Halifax Transit made a splash recently with the announcement that in a few months, it will be introducing enormous paper tickets to replace the current small square ones.
Twitter users did not disappoint in poking fun at the new out-sized discount fare medium:
A series of diagrams to illustrate the size of the new Halifax Transit tickets pic.twitter.com/8uI32YxCXo
— bc | Paige ☆ Hex @ TI8 (@TheBase16) August 16, 2018
The giant tickets are being introduced to match new fare boxes that the city has purchased from Trapeze Group (the same company hired for transit’s last tech upgrade, the automatic vehicle location system, which gave us real time data). The fare boxes will get installed sometime in early 2019, according to Marc Santilli, Halifax Transit’s manager of technical services, as part of an interim phase of a larger fare management project.
In addition to being barcode and RFID (radio-frequency identification) ready, the fare boxes are designed to accept and automatically verify paper money (though they will not disperse change). And because the scanner is built for a paper currency, Halifax Transit opted to follow the manufacturer’s advice and change the size of their tickets to match.
This seems like a lot of trouble to go to to ensure that you can accept paper money on a bus, considering the smallest Canadian bill in circulation is a $5, enough for two adult fares on Halifax Transit. But Santilli says that people still do occasionally use paper money to pay their fare. “I would say anecdotally it occurs at least a few times a day,” says Santilli. It happens most often at the ferry terminals, he says. “Multiple people boarding together, they’ll pay with a bill.”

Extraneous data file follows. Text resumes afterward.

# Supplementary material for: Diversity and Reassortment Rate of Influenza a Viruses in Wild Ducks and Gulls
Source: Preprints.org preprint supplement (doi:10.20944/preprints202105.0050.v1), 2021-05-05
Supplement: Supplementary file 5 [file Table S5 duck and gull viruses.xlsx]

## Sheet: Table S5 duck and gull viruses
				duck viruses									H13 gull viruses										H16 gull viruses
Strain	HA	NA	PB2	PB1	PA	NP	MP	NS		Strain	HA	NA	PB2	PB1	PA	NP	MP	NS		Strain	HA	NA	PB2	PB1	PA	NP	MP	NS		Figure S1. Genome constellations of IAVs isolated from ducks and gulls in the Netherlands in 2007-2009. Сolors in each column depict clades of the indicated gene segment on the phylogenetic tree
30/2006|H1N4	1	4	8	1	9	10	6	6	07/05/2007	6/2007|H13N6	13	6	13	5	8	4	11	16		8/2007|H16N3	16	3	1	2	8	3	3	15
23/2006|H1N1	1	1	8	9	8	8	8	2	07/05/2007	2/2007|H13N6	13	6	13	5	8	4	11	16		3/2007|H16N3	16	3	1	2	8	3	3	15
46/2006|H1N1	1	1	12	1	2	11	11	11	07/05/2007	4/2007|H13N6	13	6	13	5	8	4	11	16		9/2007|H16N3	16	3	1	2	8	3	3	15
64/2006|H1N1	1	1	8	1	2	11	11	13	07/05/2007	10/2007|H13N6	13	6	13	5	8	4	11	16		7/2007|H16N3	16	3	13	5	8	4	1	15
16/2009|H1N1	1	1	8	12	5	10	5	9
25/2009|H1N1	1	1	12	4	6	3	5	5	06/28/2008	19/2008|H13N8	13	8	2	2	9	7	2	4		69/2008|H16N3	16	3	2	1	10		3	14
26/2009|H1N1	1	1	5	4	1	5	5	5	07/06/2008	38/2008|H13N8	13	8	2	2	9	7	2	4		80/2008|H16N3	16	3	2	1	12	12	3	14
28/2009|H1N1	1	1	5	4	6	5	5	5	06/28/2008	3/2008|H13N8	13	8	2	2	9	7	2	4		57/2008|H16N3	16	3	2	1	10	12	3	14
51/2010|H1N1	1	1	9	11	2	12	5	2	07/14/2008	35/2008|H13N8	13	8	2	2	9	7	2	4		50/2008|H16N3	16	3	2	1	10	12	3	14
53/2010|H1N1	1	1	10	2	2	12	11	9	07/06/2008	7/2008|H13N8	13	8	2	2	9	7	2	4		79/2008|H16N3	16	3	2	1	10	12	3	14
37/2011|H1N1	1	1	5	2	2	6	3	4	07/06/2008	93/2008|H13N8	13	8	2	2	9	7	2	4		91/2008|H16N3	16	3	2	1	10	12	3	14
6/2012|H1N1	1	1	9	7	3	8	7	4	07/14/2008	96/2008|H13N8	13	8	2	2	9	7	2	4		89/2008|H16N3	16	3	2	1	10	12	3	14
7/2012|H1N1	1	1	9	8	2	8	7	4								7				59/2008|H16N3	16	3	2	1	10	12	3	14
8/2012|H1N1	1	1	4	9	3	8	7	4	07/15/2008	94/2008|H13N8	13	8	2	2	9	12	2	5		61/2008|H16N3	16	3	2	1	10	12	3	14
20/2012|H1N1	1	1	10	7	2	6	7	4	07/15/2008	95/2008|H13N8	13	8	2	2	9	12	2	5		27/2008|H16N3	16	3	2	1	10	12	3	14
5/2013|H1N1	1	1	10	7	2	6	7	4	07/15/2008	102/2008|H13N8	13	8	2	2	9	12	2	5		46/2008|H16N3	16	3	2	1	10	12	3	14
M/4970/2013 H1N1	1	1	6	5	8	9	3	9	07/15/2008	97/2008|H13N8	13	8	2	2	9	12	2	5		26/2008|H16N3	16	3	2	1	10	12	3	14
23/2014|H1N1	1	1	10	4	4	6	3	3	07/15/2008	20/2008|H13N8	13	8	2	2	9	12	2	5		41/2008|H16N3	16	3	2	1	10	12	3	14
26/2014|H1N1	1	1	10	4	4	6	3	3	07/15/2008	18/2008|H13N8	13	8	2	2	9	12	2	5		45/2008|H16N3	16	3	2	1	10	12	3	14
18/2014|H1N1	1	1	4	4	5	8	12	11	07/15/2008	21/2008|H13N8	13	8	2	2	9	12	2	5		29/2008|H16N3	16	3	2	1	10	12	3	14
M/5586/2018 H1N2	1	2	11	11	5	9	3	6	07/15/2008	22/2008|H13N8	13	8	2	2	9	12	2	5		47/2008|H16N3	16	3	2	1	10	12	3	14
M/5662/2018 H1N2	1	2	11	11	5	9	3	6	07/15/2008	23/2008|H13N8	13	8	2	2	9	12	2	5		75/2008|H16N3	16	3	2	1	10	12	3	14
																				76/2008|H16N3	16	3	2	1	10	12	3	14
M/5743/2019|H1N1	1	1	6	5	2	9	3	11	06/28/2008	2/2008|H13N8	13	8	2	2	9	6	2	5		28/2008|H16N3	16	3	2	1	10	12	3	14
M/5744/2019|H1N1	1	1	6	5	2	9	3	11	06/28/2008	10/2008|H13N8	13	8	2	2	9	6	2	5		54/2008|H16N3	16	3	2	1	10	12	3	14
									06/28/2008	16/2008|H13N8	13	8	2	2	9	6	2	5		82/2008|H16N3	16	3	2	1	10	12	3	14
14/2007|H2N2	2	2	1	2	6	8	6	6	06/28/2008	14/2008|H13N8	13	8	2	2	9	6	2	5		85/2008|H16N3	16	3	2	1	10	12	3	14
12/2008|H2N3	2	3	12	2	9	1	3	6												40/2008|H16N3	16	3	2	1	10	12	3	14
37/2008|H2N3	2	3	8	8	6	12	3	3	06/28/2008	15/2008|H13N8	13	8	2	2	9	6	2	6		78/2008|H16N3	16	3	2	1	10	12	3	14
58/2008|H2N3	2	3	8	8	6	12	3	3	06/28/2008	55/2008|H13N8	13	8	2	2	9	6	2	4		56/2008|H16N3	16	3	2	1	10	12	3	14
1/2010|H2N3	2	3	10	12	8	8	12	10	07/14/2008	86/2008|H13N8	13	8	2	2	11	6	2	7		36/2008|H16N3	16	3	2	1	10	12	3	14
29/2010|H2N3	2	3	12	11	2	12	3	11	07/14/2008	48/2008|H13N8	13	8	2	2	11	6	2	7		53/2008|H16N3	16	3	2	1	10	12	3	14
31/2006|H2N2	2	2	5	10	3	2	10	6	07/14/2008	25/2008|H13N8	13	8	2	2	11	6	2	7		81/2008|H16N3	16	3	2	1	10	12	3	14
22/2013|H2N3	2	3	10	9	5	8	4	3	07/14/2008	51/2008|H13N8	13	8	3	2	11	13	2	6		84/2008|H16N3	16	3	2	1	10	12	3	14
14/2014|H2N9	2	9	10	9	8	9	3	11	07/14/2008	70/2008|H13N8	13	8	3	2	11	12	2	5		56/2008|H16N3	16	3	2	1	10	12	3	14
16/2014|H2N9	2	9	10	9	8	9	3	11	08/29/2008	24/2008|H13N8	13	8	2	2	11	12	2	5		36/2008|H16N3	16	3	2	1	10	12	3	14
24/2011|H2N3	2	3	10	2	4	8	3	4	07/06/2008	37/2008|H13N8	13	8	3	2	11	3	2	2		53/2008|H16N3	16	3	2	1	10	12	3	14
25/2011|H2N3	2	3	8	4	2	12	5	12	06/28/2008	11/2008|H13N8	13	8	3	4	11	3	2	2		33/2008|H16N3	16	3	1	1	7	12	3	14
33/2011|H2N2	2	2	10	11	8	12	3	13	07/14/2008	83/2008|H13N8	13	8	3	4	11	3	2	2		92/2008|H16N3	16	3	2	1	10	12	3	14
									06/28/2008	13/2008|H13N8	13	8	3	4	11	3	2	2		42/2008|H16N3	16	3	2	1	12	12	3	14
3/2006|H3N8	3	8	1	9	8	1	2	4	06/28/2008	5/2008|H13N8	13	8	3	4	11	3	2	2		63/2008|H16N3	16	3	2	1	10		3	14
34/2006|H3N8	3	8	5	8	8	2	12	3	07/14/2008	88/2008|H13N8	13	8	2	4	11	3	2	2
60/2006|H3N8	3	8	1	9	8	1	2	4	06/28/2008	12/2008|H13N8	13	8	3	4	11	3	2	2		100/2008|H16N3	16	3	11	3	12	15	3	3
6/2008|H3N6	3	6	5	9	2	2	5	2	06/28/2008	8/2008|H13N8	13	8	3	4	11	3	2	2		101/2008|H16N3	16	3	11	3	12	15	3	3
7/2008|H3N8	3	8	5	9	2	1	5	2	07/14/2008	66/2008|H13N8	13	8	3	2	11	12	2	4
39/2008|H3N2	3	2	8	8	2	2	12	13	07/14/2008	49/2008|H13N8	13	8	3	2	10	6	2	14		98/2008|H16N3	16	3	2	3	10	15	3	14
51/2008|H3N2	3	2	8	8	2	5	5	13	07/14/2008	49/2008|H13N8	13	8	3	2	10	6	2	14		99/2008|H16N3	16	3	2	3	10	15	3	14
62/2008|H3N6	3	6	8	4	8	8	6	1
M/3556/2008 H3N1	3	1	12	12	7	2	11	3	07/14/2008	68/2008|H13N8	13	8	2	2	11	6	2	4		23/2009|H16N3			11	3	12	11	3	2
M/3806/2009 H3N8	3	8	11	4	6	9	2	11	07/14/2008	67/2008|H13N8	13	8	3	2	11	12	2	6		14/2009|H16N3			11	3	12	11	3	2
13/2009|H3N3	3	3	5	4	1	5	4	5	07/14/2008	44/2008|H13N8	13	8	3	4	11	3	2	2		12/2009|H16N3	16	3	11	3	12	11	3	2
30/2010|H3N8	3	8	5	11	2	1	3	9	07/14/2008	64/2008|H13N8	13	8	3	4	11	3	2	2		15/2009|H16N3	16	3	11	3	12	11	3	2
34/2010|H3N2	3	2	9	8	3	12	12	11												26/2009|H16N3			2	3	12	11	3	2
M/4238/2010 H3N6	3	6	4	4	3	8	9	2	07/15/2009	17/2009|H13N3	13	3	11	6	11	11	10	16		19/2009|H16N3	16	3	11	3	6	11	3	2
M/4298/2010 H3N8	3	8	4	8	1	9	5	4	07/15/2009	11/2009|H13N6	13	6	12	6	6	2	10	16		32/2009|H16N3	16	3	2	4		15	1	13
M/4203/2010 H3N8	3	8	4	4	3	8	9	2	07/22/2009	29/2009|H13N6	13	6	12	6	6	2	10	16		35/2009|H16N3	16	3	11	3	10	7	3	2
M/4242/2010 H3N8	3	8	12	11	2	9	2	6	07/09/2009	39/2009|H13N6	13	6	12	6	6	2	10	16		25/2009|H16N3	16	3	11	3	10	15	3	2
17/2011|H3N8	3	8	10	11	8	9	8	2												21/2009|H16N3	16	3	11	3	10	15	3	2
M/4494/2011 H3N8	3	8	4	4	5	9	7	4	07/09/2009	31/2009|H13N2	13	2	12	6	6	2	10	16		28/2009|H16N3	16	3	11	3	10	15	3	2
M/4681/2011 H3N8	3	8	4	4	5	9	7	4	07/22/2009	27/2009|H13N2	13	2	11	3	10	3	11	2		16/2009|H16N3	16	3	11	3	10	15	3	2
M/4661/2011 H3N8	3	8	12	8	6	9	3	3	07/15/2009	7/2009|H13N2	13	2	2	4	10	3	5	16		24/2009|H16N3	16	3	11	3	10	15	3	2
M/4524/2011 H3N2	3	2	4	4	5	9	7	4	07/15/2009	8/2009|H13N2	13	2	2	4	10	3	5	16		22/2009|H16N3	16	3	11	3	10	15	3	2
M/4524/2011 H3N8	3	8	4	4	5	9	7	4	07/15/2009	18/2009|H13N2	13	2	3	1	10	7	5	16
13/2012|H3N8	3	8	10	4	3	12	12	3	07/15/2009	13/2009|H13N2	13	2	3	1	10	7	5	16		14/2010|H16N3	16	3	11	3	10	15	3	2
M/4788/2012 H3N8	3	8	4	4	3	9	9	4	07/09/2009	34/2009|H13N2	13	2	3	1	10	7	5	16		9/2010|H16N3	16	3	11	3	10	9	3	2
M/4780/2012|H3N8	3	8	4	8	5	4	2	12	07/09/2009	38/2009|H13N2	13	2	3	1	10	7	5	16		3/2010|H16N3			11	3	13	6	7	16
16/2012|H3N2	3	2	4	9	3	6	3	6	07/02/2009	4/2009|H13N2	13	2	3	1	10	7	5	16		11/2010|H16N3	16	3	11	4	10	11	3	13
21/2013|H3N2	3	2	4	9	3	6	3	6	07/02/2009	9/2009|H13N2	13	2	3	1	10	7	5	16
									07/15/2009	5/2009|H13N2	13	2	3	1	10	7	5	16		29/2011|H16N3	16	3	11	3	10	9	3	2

Ticket size might not be the only change that gets passenger attention, though. Once the new boxes are installed the transfer system will become much more automated. Here’s Marc Santilli to explain:
There’s a button on the farebox that they simply press and the farebox will spit out a transfer. And then there’s also the reader for the transfers, so once you get on your next bus you just take that printed transfer, scan it, and just like when you’re paying a fare, it will ding if you’ve paid the right amount or give you a little buzz sound if the transfer is no longer valid.
If passengers forget to get a transfer upon boarding, they will still be able to get one from the driver, but only when the bus is stopped (which is actually not that much different than now; I haven’t noticed too many drivers who hand out transfers mid-ride).
Of course, both paper money and transfers would go down in circulation (and be nearly eliminated) if there were another way to pay available to riders, such as a bespoke smart card system, or an open system using tap-enabled credit and debit cards. Santilli is clear that something like this is in the plan, and that the installation of fare boxes is only an interim phase of a longer plan.
Two dedicated fare management contractors have been hired, through Barrington Consulting (the sole bidder for the RFP to expand Halifax Transit’s transit technology team by a total of six back in September 2017). As soon as this two-person fare management team has seen to the installation of roughly 600 new fare boxes on buses, they will turn to Phase Two: future payment methods.
“We don’t anticipate it being a long transition to the next phase,” says Santilli. “We recognize how eager the public is to have better payment methods.” Santilli estimates an 18-month “ballpark” timeline until new payment methods are available.
That may be optimistic, considering that Halifax Transit has yet to do any consultation on what sort of future payments riders would like to see, which Santilli says is part of the plan as Transit develops a fare management strategy. (Curiously, the strategy is coming after the installation of the fareboxes, which seems a bit like putting the horse after the cart.)
The new fareboxes, which cost about $8.6 million, including five years of service and maintenance, feature bar code and RFID readers. They don’t, however, include the physical technology required for tap-enabled debit or credit cards. That technology, which is being piloted and adopted more and more in North America, would require a separate reader to be installed.
The transit system in Laval, Quebec (which has been using the Opus card system, along with Montreal and neighbouring systems since 2008) has been piloting a credit card payment system since spring 2017. Half of the Laval fleet was outfitted with tap-enabled credit card readers beside their standard Opus card reader.